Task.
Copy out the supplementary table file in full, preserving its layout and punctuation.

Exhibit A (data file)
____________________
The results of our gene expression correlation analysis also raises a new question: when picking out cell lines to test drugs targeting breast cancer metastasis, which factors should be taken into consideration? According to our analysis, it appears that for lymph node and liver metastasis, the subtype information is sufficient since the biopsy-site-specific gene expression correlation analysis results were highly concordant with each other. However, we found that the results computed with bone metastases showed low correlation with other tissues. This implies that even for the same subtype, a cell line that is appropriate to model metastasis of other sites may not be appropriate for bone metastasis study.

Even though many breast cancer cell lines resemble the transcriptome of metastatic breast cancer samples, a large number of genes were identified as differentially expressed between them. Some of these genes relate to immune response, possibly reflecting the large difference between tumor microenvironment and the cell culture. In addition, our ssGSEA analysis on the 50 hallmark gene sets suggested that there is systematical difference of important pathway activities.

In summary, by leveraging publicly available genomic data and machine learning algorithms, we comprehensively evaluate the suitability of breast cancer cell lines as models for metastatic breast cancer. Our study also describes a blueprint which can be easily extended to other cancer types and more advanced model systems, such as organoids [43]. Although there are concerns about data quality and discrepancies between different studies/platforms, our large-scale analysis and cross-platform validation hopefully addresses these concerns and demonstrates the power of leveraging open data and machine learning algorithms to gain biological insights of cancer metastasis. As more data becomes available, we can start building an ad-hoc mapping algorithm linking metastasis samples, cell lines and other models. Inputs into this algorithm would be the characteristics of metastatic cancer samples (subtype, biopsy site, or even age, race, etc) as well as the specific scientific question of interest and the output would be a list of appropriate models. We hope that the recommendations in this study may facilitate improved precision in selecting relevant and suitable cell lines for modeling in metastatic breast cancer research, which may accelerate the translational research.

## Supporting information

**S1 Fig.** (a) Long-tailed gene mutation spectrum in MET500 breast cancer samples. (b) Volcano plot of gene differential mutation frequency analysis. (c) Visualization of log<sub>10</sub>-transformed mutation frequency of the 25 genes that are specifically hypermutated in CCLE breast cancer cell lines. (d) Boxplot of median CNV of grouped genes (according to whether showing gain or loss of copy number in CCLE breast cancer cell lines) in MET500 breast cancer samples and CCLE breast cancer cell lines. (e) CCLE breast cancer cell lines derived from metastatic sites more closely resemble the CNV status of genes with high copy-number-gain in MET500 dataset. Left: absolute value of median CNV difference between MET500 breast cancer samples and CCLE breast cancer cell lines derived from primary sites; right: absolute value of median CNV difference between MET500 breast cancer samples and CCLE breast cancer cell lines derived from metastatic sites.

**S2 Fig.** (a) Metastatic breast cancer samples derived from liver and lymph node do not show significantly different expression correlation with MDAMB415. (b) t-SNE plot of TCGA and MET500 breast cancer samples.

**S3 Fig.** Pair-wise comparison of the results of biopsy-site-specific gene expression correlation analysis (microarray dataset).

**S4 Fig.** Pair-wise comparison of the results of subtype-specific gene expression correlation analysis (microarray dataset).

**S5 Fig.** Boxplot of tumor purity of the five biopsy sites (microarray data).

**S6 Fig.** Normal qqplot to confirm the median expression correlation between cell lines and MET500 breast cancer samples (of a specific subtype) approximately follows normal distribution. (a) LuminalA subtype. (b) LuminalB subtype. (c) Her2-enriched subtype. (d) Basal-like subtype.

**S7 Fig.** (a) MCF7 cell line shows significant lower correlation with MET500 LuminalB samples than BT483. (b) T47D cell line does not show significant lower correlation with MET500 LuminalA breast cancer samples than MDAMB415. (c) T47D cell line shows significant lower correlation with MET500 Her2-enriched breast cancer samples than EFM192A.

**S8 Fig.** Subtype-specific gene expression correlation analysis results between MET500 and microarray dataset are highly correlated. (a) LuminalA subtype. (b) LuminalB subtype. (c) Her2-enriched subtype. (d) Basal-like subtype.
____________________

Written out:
The results of our gene expression correlation analysis also raises a new question: when picking out cell lines to test drugs targeting breast cancer metastasis, which factors should be taken into consideration? According to our analysis, it appears that for lymph node and liver metastasis, the subtype information is sufficient since the biopsy-site-specific gene expression correlation analysis results were highly concordant with each other. However, we found that the results computed with bone metastases showed low correlation with other tissues. This implies that even for the same subtype, a cell line that is appropriate to model metastasis of other sites may not be appropriate for bone metastasis study.

Even though many breast cancer cell lines resemble the transcriptome of metastatic breast cancer samples, a large number of genes were identified as differentially expressed between them. Some of these genes relate to immune response, possibly reflecting the large difference between tumor microenvironment and the cell culture. In addition, our ssGSEA analysis on the 50 hallmark gene sets suggested that there is systematical difference of important pathway activities.

In summary, by leveraging publicly available genomic data and machine learning algorithms, we comprehensively evaluate the suitability of breast cancer cell lines as models for metastatic breast cancer. Our study also describes a blueprint which can be easily extended to other cancer types and more advanced model systems, such as organoids [43]. Although there are concerns about data quality and discrepancies between different studies/platforms, our large-scale analysis and cross-platform validation hopefully addresses these concerns and demonstrates the power of leveraging open data and machine learning algorithms to gain biological insights of cancer metastasis. As more data becomes available, we can start building an ad-hoc mapping algorithm linking metastasis samples, cell lines and other models. Inputs into this algorithm would be the characteristics of metastatic cancer samples (subtype, biopsy site, or even age, race, etc) as well as the specific scientific question of interest and the output would be a list of appropriate models. We hope that the recommendations in this study may facilitate improved precision in selecting relevant and suitable cell lines for modeling in metastatic breast cancer research, which may accelerate the translational research.

## Supporting information

**S1 Fig.** (a) Long-tailed gene mutation spectrum in MET500 breast cancer samples. (b) Volcano plot of gene differential mutation frequency analysis. (c) Visualization of log<sub>10</sub>-transformed mutation frequency of the 25 genes that are specifically hypermutated in CCLE breast cancer cell lines. (d) Boxplot of median CNV of grouped genes (according to whether showing gain or loss of copy number in CCLE breast cancer cell lines) in MET500 breast cancer samples and CCLE breast cancer cell lines. (e) CCLE breast cancer cell lines derived from metastatic sites more closely resemble the CNV status of genes with high copy-number-gain in MET500 dataset. Left: absolute value of median CNV difference between MET500 breast cancer samples and CCLE breast cancer cell lines derived from primary sites; right: absolute value of median CNV difference between MET500 breast cancer samples and CCLE breast cancer cell lines derived from metastatic sites.

**S2 Fig.** (a) Metastatic breast cancer samples derived from liver and lymph node do not show significantly different expression correlation with MDAMB415. (b) t-SNE plot of TCGA and MET500 breast cancer samples.

**S3 Fig.** Pair-wise comparison of the results of biopsy-site-specific gene expression correlation analysis (microarray dataset).

**S4 Fig.** Pair-wise comparison of the results of subtype-specific gene expression correlation analysis (microarray dataset).

**S5 Fig.** Boxplot of tumor purity of the five biopsy sites (microarray data).

**S6 Fig.** Normal qqplot to confirm the median expression correlation between cell lines and MET500 breast cancer samples (of a specific subtype) approximately follows normal distribution. (a) LuminalA subtype. (b) LuminalB subtype. (c) Her2-enriched subtype. (d) Basal-like subtype.

**S7 Fig.** (a) MCF7 cell line shows significant lower correlation with MET500 LuminalB samples than BT483. (b) T47D cell line does not show significant lower correlation with MET500 LuminalA breast cancer samples than MDAMB415. (c) T47D cell line shows significant lower correlation with MET500 Her2-enriched breast cancer samples than EFM192A.

**S8 Fig.** Subtype-specific gene expression correlation analysis results between MET500 and microarray dataset are highly correlated. (a) LuminalA subtype. (b) LuminalB subtype. (c) Her2-enriched subtype. (d) Basal-like subtype.